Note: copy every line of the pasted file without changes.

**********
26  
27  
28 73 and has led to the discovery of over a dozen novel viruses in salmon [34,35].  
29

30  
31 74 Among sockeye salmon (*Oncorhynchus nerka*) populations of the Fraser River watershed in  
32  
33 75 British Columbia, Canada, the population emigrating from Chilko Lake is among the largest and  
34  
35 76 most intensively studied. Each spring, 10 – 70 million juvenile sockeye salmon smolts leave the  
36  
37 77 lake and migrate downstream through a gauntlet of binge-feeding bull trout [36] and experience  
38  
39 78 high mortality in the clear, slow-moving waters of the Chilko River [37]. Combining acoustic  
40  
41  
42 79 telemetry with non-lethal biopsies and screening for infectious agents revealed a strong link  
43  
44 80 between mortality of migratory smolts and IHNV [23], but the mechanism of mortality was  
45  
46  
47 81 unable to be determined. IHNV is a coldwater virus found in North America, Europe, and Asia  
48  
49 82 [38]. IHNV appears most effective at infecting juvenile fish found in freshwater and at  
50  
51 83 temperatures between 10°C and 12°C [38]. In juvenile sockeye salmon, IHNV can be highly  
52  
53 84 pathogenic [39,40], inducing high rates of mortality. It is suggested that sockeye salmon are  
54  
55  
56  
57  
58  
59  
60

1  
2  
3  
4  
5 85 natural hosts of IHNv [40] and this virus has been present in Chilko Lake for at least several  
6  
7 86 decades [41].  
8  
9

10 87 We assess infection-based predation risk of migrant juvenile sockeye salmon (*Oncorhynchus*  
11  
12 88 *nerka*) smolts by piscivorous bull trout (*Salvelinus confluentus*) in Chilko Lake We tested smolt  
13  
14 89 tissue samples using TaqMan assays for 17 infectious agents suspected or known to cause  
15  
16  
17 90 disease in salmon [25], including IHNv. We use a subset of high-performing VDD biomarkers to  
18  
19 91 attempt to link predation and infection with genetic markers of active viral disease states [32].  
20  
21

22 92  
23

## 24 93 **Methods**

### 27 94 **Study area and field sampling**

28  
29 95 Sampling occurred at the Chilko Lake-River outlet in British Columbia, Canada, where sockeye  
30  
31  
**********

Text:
26  
27  
28 73 and has led to the discovery of over a dozen novel viruses in salmon [34,35].  
29

30  
31 74 Among sockeye salmon (*Oncorhynchus nerka*) populations of the Fraser River watershed in  
32  
33 75 British Columbia, Canada, the population emigrating from Chilko Lake is among the largest and  
34  
35 76 most intensively studied. Each spring, 10 – 70 million juvenile sockeye salmon smolts leave the  
36  
37 77 lake and migrate downstream through a gauntlet of binge-feeding bull trout [36] and experience  
38  
39 78 high mortality in the clear, slow-moving waters of the Chilko River [37]. Combining acoustic  
40  
41  
42 79 telemetry with non-lethal biopsies and screening for infectious agents revealed a strong link  
43  
44 80 between mortality of migratory smolts and IHNV [23], but the mechanism of mortality was  
45  
46  
47 81 unable to be determined. IHNV is a coldwater virus found in North America, Europe, and Asia  
48  
49 82 [38]. IHNV appears most effective at infecting juvenile fish found in freshwater and at  
50  
51 83 temperatures between 10°C and 12°C [38]. In juvenile sockeye salmon, IHNV can be highly  
52  
53 84 pathogenic [39,40], inducing high rates of mortality. It is suggested that sockeye salmon are  
54  
55  
56  
57  
58  
59  
60

1  
2  
3  
4  
5 85 natural hosts of IHNv [40] and this virus has been present in Chilko Lake for at least several  
6  
7 86 decades [41].  
8  
9

10 87 We assess infection-based predation risk of migrant juvenile sockeye salmon (*Oncorhynchus*  
11  
12 88 *nerka*) smolts by piscivorous bull trout (*Salvelinus confluentus*) in Chilko Lake We tested smolt  
13  
14 89 tissue samples using TaqMan assays for 17 infectious agents suspected or known to cause  
15  
16  
17 90 disease in salmon [25], including IHNv. We use a subset of high-performing VDD biomarkers to  
18  
19 91 attempt to link predation and infection with genetic markers of active viral disease states [32].  
20  
21

22 92  
23

## 24 93 **Methods**

### 27 94 **Study area and field sampling**

28  
29 95 Sampling occurred at the Chilko Lake-River outlet in British Columbia, Canada, where sockeye  
30  
31  